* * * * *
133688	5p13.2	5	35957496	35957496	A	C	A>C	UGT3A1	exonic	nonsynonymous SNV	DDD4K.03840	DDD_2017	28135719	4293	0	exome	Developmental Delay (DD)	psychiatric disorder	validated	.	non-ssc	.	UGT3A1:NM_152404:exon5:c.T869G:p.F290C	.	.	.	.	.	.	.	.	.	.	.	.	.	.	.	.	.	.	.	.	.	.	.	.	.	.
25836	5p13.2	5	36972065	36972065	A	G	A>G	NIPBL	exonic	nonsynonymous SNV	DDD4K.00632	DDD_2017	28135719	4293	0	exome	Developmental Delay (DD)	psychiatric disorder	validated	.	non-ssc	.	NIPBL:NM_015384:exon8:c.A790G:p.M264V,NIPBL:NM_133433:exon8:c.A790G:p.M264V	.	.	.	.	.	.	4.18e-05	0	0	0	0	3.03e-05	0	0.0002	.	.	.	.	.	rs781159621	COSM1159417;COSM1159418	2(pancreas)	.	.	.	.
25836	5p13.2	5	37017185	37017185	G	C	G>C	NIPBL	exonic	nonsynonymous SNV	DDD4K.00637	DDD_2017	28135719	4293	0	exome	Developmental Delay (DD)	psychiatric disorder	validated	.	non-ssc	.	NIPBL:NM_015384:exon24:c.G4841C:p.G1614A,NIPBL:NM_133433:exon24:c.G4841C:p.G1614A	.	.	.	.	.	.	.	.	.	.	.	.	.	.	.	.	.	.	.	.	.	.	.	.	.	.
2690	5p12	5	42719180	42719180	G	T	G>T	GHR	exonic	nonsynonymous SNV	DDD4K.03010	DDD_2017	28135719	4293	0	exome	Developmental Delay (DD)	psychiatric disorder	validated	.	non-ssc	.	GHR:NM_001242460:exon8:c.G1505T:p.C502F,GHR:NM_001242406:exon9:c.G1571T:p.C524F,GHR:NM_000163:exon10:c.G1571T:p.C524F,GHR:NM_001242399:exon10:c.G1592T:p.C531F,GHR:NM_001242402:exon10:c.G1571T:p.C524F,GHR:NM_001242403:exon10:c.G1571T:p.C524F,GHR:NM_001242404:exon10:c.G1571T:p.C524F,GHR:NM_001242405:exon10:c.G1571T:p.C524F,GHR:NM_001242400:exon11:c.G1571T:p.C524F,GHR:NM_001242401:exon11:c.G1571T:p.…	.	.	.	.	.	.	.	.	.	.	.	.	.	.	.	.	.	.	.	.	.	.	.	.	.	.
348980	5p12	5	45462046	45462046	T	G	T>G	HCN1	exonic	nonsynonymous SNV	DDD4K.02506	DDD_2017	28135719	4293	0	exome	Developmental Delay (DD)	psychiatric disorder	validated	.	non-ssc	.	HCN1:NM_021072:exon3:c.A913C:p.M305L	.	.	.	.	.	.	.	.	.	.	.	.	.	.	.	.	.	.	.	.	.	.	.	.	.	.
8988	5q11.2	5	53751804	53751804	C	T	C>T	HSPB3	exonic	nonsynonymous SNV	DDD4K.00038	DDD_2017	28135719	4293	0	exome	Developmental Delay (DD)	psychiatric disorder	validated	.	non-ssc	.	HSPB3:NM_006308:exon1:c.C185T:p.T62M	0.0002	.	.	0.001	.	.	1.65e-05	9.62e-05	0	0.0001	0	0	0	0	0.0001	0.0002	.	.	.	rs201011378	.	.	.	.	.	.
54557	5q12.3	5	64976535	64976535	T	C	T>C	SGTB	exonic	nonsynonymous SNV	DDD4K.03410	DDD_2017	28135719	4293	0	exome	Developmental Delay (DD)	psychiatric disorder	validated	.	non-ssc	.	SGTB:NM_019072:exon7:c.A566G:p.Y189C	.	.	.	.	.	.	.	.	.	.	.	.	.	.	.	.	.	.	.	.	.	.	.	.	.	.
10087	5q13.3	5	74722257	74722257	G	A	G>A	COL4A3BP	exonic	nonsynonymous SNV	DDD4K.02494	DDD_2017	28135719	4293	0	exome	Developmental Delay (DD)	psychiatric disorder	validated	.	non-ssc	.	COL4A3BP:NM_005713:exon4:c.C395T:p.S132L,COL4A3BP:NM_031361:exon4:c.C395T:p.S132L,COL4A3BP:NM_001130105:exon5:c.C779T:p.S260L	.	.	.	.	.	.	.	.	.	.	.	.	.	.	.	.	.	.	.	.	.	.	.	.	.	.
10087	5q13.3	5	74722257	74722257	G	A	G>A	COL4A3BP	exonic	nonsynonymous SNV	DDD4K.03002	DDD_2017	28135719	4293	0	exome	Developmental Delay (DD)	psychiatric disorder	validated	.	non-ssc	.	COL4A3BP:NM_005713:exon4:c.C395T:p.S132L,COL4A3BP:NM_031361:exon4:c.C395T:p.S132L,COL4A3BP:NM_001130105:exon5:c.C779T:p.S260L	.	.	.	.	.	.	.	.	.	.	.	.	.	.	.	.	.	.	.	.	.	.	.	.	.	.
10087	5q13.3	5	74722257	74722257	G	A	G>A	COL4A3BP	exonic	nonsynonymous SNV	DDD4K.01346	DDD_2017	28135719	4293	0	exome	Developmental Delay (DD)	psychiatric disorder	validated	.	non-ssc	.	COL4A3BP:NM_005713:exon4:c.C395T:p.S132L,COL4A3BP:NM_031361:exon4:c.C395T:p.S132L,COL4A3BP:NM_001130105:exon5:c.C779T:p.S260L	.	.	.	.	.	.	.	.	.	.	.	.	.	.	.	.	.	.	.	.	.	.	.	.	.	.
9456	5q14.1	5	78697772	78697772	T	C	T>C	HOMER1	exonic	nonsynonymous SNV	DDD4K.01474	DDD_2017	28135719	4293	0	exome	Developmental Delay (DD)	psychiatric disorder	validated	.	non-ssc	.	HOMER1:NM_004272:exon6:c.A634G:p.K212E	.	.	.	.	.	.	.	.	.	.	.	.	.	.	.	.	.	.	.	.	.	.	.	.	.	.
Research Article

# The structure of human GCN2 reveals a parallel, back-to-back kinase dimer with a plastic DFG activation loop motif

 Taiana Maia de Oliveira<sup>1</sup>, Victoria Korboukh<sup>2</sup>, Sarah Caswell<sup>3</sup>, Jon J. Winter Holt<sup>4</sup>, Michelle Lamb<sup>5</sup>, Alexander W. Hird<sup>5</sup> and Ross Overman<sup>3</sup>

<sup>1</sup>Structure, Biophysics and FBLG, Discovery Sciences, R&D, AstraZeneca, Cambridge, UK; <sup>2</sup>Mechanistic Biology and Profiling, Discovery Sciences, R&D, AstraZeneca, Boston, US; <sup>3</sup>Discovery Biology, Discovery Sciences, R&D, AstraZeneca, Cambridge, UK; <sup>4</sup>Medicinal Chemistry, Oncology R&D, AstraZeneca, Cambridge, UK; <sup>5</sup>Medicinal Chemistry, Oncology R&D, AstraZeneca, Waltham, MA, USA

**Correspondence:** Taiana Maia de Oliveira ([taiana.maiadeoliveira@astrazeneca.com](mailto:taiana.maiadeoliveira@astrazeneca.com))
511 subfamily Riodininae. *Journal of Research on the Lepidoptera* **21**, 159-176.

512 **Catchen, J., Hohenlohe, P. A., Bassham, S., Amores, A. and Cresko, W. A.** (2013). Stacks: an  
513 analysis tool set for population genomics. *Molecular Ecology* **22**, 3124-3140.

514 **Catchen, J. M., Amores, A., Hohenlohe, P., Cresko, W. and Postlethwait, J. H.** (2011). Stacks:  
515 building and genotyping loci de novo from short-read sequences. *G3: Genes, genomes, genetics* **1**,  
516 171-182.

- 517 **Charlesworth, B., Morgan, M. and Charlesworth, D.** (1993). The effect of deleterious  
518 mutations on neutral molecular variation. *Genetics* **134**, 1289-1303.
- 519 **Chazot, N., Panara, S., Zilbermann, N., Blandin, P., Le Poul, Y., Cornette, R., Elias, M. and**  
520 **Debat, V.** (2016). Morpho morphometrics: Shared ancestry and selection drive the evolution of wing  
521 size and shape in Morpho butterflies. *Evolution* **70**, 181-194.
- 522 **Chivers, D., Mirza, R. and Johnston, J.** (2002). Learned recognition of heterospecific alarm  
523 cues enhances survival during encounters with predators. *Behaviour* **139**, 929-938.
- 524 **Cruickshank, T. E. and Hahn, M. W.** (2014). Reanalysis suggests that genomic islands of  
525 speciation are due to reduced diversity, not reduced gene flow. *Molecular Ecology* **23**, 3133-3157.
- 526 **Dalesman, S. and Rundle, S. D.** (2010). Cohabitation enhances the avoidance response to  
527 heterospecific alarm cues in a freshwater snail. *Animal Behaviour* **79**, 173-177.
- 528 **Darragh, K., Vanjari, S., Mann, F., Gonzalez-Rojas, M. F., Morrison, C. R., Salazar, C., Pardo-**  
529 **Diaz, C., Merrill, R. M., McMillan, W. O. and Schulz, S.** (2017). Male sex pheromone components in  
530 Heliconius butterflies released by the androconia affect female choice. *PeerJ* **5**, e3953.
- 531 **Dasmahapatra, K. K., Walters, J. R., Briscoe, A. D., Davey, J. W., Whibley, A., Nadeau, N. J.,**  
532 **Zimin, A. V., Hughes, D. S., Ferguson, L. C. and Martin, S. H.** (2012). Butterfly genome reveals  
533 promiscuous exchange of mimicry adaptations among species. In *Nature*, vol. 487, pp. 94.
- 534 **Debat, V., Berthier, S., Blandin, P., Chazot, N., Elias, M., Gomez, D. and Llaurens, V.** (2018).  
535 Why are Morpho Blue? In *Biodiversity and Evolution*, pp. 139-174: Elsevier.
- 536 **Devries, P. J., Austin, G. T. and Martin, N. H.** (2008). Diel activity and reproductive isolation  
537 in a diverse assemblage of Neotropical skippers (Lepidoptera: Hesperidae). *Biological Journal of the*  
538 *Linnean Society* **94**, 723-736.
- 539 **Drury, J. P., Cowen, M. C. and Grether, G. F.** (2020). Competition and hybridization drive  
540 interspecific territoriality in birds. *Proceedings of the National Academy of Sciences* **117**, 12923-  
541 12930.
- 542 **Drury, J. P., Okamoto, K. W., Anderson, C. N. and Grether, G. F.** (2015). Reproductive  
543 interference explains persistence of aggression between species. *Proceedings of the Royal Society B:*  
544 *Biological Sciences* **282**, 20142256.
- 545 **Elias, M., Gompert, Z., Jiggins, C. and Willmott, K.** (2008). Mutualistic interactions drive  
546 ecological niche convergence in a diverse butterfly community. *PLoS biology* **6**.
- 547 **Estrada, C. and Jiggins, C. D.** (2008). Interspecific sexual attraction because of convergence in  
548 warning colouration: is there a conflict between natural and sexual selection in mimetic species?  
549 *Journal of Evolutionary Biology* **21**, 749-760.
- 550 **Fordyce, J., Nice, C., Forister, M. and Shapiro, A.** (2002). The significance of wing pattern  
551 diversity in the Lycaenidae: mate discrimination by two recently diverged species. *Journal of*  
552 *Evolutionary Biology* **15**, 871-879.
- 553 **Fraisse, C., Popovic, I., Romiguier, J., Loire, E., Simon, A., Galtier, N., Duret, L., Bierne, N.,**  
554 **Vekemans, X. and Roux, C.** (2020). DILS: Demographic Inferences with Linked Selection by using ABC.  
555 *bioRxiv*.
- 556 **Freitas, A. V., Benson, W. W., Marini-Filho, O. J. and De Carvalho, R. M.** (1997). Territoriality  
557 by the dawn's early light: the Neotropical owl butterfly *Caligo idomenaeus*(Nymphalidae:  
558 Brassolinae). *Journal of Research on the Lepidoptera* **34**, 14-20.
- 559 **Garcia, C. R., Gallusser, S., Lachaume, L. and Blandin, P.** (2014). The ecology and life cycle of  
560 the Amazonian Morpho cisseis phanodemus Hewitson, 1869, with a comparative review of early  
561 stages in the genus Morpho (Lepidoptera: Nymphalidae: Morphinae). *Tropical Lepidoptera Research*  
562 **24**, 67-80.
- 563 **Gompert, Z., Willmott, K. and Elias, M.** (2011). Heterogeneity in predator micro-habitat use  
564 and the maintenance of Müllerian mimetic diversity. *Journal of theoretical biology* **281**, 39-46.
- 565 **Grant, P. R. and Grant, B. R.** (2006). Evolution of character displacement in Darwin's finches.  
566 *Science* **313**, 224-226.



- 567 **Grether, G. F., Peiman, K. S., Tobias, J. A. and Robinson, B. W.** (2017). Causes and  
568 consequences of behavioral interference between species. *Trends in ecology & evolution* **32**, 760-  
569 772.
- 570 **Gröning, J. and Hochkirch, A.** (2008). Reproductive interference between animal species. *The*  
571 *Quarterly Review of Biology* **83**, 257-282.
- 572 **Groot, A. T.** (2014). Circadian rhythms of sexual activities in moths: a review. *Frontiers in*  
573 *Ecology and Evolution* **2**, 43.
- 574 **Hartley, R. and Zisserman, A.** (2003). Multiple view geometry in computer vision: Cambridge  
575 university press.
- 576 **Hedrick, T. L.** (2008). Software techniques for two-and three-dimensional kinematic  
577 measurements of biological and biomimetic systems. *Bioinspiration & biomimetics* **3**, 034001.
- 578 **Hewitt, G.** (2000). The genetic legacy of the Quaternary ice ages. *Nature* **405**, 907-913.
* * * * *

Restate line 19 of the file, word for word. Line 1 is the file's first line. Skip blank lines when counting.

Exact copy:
513 analysis tool set for population genomics. *Molecular Ecology* **22**, 3124-3140.